Crime Crisis: Despite tighter laws, scourge of domestic violence rolls on

By , Daily Memphian Updated: July 07, 2022 2:13 PM CT | Published: June 30, 2022 4:00 AM CT

When Kathy Walsh founded the Tennessee Coalition to End Domestic & Sexual Violence, she had no employees — other than herself — and all of $5,000 in the bank.

That was in 1983. Since then, she says, the coalition has helped write and pass some 200 pieces of domestic violence-related legislation and trained more than 10,000 police officers in assessing domestic violence dispatch calls.

For the first installment of this series: 

Crime Crisis: Four domestic violence survivors recount their abuse — and how they survived

Today, Walsh, who is executive director of the Nashville-based nonprofit, has a staff of 27 and a $3 million annual budget. Nationally, the Violence Against Women Act of 1994 was just reauthorized this year and strengthened in several areas.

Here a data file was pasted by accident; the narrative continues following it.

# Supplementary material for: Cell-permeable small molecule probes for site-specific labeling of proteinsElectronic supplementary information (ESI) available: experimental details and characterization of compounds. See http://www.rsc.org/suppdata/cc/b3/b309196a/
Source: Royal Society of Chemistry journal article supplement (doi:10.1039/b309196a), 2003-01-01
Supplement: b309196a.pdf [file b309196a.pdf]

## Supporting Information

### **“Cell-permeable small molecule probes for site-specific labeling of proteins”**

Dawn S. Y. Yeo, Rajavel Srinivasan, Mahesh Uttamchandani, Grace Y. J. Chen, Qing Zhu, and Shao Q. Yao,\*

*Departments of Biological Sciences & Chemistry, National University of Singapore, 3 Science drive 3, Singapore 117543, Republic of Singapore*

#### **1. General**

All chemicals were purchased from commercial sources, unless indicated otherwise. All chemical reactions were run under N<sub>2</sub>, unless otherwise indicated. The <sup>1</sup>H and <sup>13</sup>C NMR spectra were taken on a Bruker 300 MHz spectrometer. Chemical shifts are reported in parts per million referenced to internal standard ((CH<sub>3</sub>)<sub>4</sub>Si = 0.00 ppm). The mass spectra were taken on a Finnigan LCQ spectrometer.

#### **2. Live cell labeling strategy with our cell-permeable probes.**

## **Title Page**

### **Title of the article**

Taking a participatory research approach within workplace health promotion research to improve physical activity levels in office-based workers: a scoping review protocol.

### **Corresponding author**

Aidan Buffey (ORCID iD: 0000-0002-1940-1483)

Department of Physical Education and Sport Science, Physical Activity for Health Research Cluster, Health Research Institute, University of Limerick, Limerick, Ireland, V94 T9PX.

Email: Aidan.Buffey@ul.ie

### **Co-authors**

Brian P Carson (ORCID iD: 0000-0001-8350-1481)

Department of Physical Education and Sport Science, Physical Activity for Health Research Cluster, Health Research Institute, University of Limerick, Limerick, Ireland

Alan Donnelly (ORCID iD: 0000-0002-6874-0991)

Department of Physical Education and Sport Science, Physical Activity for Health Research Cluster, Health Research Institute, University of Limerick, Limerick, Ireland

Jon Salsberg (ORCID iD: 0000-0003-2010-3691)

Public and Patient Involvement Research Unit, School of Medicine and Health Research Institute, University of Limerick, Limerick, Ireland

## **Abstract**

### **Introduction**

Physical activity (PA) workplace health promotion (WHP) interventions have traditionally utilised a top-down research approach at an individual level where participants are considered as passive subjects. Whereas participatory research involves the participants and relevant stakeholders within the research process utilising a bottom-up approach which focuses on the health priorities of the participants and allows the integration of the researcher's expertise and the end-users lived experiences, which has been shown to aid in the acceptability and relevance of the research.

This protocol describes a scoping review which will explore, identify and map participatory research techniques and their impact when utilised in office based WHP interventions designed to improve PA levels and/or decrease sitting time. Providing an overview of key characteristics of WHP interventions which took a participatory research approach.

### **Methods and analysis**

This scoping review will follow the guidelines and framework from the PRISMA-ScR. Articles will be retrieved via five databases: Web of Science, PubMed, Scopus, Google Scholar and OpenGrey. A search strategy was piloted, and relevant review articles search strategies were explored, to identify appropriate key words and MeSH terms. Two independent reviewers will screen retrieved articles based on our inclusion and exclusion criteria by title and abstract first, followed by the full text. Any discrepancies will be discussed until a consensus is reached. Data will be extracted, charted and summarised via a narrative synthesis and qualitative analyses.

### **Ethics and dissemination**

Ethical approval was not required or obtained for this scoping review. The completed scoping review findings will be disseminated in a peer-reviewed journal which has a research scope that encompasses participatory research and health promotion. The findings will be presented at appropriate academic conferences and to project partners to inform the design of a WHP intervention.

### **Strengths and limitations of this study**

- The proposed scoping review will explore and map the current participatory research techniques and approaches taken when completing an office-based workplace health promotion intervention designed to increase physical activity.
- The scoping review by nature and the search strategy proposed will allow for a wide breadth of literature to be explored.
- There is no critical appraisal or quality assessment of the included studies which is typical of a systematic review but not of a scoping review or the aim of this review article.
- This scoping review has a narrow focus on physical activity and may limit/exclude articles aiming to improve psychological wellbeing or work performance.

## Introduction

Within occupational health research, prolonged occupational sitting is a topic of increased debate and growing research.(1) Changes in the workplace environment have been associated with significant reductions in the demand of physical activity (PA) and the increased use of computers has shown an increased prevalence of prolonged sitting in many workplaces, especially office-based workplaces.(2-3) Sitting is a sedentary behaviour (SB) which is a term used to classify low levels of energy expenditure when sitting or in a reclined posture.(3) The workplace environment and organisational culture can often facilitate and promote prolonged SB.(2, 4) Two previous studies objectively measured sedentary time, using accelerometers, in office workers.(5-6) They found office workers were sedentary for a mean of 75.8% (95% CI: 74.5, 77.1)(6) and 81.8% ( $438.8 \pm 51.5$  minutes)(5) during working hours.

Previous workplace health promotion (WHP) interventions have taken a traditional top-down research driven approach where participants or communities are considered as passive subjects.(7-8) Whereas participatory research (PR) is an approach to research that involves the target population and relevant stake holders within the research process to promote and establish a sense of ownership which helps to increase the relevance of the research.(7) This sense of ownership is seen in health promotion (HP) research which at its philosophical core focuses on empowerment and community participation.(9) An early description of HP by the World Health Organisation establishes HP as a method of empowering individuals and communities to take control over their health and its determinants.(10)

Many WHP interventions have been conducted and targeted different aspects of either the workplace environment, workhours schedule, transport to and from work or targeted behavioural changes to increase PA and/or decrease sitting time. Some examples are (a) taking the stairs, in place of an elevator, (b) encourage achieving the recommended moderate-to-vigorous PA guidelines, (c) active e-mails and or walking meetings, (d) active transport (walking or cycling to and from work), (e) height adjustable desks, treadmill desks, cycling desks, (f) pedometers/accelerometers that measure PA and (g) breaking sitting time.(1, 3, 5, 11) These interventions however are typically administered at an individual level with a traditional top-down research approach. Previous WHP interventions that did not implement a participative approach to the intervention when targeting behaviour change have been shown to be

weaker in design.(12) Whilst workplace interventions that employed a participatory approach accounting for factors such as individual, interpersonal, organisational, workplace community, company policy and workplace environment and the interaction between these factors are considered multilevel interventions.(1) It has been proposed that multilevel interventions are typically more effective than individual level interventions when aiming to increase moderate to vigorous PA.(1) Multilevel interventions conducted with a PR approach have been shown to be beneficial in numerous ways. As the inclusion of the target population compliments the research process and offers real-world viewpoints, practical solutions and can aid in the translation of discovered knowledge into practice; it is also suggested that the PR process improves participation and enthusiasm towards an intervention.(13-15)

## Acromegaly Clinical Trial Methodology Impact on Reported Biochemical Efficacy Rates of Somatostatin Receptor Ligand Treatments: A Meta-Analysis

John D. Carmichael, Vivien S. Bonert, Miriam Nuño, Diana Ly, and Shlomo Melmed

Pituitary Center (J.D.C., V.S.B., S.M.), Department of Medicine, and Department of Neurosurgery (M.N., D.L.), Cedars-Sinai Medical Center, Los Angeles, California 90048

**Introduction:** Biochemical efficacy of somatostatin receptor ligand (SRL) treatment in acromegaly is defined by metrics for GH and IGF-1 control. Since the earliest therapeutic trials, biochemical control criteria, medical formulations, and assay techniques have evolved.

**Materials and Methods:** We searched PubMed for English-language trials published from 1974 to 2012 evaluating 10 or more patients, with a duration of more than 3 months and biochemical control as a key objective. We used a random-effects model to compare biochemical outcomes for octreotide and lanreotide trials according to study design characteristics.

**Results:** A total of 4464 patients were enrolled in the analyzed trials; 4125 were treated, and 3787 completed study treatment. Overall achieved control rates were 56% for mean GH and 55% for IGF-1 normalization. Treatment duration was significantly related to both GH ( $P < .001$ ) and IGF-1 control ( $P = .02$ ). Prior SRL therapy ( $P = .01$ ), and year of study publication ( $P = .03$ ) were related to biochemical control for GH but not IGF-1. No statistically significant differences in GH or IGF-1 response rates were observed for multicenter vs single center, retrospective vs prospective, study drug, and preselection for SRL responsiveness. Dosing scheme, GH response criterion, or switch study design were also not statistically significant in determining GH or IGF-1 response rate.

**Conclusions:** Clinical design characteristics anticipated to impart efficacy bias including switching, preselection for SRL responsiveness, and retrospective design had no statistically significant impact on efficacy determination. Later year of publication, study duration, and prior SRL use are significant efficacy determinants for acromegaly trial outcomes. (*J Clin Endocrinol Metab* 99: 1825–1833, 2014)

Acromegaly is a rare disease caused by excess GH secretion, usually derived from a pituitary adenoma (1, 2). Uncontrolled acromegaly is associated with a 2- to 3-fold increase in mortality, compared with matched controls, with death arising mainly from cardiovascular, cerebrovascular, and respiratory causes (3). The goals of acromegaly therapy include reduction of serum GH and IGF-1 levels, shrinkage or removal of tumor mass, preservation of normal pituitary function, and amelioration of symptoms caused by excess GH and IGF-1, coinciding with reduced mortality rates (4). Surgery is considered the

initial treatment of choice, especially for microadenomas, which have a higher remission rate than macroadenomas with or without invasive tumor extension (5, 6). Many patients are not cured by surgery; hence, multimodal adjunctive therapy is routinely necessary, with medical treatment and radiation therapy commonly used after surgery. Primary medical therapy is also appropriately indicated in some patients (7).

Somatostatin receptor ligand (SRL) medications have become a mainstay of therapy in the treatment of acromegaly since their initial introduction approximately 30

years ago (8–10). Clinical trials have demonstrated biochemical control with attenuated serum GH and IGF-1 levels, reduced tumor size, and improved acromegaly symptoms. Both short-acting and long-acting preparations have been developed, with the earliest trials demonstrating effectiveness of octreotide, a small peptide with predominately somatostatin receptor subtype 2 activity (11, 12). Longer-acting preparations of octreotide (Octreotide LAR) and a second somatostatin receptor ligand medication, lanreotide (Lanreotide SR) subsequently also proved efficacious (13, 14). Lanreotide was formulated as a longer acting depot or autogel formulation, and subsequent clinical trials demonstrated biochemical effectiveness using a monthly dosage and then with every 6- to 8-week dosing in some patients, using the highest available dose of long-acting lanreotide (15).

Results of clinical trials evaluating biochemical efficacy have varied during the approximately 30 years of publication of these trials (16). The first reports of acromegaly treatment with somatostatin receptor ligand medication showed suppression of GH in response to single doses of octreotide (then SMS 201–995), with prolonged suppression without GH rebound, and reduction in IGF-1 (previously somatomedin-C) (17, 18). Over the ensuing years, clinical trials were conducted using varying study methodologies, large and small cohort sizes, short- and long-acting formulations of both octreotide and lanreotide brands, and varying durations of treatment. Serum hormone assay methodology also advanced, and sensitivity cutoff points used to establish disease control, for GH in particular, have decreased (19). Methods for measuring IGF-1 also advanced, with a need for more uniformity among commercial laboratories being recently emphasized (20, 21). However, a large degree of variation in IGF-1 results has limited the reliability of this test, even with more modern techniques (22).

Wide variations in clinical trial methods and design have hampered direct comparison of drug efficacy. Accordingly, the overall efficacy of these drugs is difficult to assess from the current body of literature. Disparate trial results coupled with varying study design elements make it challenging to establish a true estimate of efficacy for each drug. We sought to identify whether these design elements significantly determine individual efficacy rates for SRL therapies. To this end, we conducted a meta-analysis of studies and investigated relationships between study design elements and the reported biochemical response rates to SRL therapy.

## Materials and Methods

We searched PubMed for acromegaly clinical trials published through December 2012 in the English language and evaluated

It all rates as significant progress, albeit toward an impossible goal.

“We’ve come a long way,” Walsh said. “But there’s still a long way to go as long as there is even one domestic homicide.”

Common threads

So, there is no shortage of sobering facts:

  • On a typical day, there are more than 20,000 calls placed to domestic violence hotlines nationwide.
  • In 2020, when the COVID-19 pandemic for several months closed off the outside world, Tennessee alone had 90 domestic violence-related homicides.
  • More than half of all female homicide victims in the United States each year are killed by a current or former intimate partner, according to the Centers for Disease Control and Prevention.
  • Seventy-two percent of all murder-suicides involve intimate partners and 94% of the murder victims are female.

In Shelby County each year, there are “15 to 25” intimate-partner homicides, says Greg Gilbert, chief prosecutor of the office’s domestic violence unit.

The biggest factor we see is suspected infidelity. ... About a third of our arrest tickets start with, ‘He looked at my phone.’

Greg Gilbert
Chief prosecutor, domestic violence unit